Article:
The Eve of the Self-Driving Revolution

A decade ago, there wasn’t much talk about self-driving cars or autonomous-cars, but Toyota and Lexus were setting the stage with their self-parking cars. They aired television commercials showing how cars magically parallel-parked themselves. That was before any mention of the first iPhone or Android. At the time, it seemed amazing, but that was nothing compared to what’s coming next.

The self-parking revolution that spread throughout the automotive industry over the last decade is now expanding. There is more technology in cars today than ever before: navigation systems, automatic updates wirelessly downloaded to the dashboard, in-cabin WiFi and much more.

Self-Driving Levels

The market for self-driving cars, or autonomous cars, is going to be huge, but it will grow in stages. Autos with these technologies will roll out at different levels and at different times. There’s a problem with the terminology, though. The terms “self-driving” and “autonomous” often are used loosely, but they mean different things. It is going to take a while for these high-tech cars to arrive, and it will be a staggered rollout.

Some cars will be completely self-driving — you’ll be able to read, work or even nap while on a trip. It will be a while before they’re widely available, though. Other cars will have certain helpful features, but drivers will have to keep their eyes on the road and their hands on the wheel. Some cars will be limited to doing a few things on their own — like parking. Yet they are all considered “autonomous” vehicles.

Some of these technologies are already available or ready to roll out. Others will require infrastructure buildout — things like sensors in the roads, updated satellites and wireless systems. That means companies, cities and governments will have to make long-term investments in their roadways and technologies.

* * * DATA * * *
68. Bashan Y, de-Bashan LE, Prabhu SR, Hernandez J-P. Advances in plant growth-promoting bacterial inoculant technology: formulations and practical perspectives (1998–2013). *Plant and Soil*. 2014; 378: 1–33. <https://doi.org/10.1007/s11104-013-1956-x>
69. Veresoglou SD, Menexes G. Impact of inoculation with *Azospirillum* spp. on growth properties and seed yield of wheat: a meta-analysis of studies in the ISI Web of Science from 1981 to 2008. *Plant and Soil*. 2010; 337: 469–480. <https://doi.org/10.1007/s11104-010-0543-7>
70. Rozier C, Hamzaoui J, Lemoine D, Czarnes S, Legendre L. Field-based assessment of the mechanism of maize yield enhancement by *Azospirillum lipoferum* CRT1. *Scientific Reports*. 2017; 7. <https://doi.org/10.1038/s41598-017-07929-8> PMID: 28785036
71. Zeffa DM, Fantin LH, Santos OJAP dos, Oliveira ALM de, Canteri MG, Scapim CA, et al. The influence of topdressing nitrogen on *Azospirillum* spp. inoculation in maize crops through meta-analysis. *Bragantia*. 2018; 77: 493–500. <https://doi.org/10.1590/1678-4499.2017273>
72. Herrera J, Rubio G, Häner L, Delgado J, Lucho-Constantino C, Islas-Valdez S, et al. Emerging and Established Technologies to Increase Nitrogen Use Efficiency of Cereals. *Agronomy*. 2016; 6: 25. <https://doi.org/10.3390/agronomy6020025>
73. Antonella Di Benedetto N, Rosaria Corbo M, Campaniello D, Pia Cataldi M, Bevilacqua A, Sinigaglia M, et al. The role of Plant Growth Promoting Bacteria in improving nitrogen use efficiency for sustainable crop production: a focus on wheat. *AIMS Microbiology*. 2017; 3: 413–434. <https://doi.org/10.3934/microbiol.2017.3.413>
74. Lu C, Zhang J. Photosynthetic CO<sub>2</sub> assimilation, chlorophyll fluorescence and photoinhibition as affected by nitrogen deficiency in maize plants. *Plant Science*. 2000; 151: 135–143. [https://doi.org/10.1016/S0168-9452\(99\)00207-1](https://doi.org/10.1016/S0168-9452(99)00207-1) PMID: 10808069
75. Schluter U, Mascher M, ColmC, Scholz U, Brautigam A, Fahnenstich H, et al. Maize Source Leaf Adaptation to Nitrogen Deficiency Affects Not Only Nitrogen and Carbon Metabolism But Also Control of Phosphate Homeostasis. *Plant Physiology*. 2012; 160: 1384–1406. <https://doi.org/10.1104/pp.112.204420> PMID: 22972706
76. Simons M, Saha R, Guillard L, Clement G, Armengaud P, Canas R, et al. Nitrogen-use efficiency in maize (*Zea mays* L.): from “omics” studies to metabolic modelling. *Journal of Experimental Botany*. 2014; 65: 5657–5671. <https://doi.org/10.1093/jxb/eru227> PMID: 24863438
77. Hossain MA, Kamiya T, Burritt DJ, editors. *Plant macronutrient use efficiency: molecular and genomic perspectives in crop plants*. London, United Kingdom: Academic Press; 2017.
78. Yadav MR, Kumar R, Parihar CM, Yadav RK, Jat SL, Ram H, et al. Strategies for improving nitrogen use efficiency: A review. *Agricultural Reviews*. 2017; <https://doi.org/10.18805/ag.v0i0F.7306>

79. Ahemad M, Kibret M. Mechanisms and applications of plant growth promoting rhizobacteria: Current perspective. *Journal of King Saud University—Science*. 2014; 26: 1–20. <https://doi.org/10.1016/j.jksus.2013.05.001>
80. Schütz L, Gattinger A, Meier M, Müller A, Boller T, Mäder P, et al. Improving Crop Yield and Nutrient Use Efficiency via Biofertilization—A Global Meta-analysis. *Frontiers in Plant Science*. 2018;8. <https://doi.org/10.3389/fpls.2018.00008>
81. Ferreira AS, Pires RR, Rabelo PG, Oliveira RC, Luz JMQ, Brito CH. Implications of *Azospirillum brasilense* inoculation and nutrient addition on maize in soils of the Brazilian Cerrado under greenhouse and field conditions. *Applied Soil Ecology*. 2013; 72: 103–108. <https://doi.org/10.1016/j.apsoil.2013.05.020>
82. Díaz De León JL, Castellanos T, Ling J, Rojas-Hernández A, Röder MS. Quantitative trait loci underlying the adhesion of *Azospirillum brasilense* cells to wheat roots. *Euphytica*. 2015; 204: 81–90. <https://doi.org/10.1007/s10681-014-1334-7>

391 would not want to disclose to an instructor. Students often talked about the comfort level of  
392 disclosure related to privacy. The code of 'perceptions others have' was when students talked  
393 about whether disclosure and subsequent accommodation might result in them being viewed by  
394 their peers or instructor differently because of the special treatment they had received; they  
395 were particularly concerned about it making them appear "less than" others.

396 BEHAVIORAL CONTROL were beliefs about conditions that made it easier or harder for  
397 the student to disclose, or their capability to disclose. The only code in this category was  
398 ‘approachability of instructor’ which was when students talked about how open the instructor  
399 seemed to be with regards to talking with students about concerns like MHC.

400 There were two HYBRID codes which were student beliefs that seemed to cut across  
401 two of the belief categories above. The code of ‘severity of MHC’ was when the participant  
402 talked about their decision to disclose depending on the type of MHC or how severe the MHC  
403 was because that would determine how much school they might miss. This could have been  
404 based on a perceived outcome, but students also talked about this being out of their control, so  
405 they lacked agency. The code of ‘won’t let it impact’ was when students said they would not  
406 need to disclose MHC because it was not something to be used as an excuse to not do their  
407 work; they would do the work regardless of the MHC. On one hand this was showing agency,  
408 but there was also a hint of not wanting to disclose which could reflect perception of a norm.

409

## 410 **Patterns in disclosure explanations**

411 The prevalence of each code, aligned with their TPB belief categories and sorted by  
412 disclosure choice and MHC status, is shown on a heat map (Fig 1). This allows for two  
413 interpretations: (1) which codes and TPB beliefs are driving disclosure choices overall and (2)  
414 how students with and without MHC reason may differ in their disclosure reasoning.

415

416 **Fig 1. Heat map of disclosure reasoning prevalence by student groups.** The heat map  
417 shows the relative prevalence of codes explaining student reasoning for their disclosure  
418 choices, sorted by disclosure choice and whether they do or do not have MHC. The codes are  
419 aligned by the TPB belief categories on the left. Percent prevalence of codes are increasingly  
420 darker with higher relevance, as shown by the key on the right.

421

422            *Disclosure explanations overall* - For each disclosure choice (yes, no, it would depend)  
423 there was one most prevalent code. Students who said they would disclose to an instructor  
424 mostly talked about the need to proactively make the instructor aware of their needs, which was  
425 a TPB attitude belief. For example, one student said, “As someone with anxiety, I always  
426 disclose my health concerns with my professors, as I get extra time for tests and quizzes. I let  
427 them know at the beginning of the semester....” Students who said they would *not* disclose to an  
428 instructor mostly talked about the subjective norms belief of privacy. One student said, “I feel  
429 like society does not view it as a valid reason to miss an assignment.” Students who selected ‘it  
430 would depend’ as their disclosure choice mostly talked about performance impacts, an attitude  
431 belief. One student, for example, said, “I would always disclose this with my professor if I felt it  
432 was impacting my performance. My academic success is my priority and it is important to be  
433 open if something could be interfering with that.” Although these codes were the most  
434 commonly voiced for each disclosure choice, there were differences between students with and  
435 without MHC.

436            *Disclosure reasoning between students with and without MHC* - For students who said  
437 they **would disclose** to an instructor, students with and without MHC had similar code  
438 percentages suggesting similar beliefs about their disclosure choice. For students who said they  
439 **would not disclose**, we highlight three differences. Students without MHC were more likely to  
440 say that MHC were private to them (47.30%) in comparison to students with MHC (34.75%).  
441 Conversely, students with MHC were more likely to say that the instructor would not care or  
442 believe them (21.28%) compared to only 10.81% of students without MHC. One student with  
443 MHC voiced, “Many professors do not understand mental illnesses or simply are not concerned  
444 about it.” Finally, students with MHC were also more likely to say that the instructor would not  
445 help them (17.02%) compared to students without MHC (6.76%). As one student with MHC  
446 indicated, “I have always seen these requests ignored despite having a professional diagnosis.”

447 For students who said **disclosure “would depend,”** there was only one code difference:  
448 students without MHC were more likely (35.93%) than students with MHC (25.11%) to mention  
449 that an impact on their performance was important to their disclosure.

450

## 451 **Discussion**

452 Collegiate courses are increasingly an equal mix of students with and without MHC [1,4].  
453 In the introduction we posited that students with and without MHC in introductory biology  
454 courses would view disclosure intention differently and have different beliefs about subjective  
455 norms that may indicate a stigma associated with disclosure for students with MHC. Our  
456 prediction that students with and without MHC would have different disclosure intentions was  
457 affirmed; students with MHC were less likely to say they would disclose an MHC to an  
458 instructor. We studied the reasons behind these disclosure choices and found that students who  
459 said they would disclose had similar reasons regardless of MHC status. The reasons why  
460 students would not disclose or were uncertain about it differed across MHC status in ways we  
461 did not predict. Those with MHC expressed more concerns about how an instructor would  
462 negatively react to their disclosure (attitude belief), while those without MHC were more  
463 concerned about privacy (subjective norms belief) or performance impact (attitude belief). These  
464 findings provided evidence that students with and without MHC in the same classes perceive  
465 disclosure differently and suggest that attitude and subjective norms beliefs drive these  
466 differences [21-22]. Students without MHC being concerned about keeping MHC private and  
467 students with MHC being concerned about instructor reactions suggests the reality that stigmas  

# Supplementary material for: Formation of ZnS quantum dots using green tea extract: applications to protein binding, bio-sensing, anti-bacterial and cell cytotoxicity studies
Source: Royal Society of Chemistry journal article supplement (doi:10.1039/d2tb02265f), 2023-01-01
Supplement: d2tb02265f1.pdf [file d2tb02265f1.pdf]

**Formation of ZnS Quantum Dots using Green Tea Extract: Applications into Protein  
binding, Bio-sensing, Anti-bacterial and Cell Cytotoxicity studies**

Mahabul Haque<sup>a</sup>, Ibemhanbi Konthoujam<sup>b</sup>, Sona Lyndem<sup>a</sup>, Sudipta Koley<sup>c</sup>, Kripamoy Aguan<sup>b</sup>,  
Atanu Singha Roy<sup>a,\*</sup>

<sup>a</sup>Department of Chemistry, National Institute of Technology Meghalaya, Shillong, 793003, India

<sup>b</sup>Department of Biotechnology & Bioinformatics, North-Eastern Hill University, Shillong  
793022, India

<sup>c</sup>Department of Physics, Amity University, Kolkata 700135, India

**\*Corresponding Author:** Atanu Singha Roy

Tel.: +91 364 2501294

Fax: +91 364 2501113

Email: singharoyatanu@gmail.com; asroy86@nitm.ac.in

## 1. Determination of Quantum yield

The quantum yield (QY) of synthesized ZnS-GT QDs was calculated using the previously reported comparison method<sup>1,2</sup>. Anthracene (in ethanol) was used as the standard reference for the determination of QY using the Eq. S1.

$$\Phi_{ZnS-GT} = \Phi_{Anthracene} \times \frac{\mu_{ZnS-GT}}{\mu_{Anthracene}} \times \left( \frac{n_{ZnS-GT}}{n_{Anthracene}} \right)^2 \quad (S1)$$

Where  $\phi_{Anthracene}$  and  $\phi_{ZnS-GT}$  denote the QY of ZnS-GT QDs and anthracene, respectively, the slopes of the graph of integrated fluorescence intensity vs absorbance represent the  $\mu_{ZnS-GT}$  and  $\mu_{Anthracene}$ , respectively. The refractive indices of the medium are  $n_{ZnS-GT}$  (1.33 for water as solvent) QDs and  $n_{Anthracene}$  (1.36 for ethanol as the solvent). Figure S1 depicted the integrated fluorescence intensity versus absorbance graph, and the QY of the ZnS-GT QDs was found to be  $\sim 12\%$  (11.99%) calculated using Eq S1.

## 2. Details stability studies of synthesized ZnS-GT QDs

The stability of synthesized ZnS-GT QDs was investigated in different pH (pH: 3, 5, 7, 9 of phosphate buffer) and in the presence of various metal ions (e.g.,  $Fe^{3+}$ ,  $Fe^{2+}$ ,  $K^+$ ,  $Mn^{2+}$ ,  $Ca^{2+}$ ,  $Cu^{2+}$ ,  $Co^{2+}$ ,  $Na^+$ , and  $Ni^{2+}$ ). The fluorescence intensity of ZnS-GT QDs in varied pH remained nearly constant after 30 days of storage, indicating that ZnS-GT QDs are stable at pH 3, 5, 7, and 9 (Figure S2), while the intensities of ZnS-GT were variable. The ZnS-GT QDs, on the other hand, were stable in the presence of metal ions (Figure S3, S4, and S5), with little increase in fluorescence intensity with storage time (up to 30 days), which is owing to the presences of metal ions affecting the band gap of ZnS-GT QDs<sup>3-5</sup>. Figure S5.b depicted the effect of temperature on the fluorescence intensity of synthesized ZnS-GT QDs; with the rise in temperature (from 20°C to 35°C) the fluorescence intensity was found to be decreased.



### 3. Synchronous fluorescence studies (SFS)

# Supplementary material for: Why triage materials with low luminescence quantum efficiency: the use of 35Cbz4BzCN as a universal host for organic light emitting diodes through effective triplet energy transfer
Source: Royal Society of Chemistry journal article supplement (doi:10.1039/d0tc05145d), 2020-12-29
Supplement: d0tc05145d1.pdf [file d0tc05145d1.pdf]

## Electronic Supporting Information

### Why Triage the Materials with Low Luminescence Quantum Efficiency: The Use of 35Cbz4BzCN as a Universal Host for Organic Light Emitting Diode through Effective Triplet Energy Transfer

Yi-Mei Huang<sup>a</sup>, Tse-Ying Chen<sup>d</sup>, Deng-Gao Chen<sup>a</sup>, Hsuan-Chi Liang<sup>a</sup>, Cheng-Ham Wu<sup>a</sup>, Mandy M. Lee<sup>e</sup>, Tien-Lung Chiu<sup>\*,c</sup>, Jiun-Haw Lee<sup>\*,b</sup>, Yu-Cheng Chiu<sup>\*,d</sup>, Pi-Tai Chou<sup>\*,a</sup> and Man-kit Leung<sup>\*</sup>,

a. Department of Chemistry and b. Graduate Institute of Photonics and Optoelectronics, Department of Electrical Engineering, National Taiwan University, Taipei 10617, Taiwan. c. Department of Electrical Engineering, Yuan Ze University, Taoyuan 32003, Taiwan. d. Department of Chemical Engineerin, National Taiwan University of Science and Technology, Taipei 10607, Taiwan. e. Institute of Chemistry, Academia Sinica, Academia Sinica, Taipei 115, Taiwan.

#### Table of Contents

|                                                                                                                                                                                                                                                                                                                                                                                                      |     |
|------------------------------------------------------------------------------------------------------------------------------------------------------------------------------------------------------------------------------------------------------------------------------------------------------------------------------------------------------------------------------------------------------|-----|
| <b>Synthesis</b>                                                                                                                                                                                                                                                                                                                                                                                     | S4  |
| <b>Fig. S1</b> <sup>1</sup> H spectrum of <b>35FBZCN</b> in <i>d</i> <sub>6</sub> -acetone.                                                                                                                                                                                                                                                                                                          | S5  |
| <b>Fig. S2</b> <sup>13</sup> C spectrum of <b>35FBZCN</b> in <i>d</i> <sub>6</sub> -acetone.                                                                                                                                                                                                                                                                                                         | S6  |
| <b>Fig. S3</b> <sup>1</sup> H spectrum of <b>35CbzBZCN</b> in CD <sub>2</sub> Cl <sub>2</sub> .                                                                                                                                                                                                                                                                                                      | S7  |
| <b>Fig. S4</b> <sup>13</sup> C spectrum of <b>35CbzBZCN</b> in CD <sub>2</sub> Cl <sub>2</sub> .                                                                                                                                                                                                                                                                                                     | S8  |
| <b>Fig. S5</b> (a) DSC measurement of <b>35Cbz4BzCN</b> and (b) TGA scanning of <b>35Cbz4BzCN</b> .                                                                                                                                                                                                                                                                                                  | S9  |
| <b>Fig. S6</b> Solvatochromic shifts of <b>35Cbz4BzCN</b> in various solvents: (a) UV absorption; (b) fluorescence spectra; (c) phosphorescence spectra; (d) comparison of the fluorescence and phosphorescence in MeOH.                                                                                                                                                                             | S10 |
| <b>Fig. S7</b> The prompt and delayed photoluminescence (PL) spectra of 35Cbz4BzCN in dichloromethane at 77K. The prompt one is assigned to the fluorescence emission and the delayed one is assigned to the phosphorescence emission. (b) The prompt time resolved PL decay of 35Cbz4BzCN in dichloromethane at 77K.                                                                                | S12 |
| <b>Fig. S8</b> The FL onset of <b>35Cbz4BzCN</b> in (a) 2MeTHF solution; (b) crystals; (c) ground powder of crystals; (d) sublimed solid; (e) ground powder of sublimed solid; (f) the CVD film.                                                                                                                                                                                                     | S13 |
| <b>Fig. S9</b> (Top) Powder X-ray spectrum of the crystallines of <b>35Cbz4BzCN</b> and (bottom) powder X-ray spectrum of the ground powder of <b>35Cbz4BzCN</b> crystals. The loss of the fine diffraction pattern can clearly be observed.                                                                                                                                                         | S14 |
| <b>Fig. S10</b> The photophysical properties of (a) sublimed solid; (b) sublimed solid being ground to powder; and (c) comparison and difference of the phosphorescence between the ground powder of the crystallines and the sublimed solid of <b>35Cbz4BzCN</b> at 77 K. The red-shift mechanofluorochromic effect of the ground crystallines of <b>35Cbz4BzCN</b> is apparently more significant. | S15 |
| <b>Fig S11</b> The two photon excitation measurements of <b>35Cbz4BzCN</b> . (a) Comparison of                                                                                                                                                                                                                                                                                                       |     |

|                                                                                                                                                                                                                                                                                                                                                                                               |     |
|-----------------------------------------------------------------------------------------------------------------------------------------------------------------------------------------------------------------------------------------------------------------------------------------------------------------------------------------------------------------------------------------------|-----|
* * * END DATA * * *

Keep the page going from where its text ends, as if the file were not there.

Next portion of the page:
Growth Opportunities

This exciting new self-driving space relies heavily on artificial intelligence, the Internet of Things, wireless tech and the cloud. The car makers will blow their autonomous horns as loud as they can to attract attention to themselves with customers and investors. This could lead to some confusion. Companies likely will use the same terminology in their marketing of many different offerings.

The self-driving trend represents a huge growth opportunity for the wireless industry — for carriers like AT&T Mobility, Verizon Wireless, T-Mobile and Sprint, and handset makers like Apple, Google, Samsung, HTC, Xiaomi, Sony, LG, HTC and others.

It will be up to consumers to get smart about what this revolution means for each company, each car and each person. If you line up five different manufacturers and cars, you will have five different technologies to understand. You’ll have to educate yourself if you want to understand the various next-gen self-driving options.

Self-Driving Car Safety Decisions

One issue that’s going to require a lot of reassurance is safety.

For example, if an accident involving a self-driving car is inevitable, how does the artificial intelligence determine which maneuver would be the least harmful? Motorists already face this dilemma at times, often with just seconds to decide. Are we ready to turn over this life-or-death decision making to technology?

Ready or not, autonomous cars are coming. Fortunes will be made and technology will advance. As they roll out, some will be far more advanced than others, and questions we haven’t even thought of will arise as this industry develops.

In the early years, all a company will have to say is that it is in the self-driving or autonomous driving space, and it will attract investors and workers. Over time, as we all get smarter about it, the doers will stand out from the talkers. Right now, we are still in the talking stage.

Jeff Kagan

Jeff Kagan has been an ECT News Network columnist since 2010. His focus is on the wireless and telecom industries. He is an independent analyst, consultant and speaker. Email Jeff.

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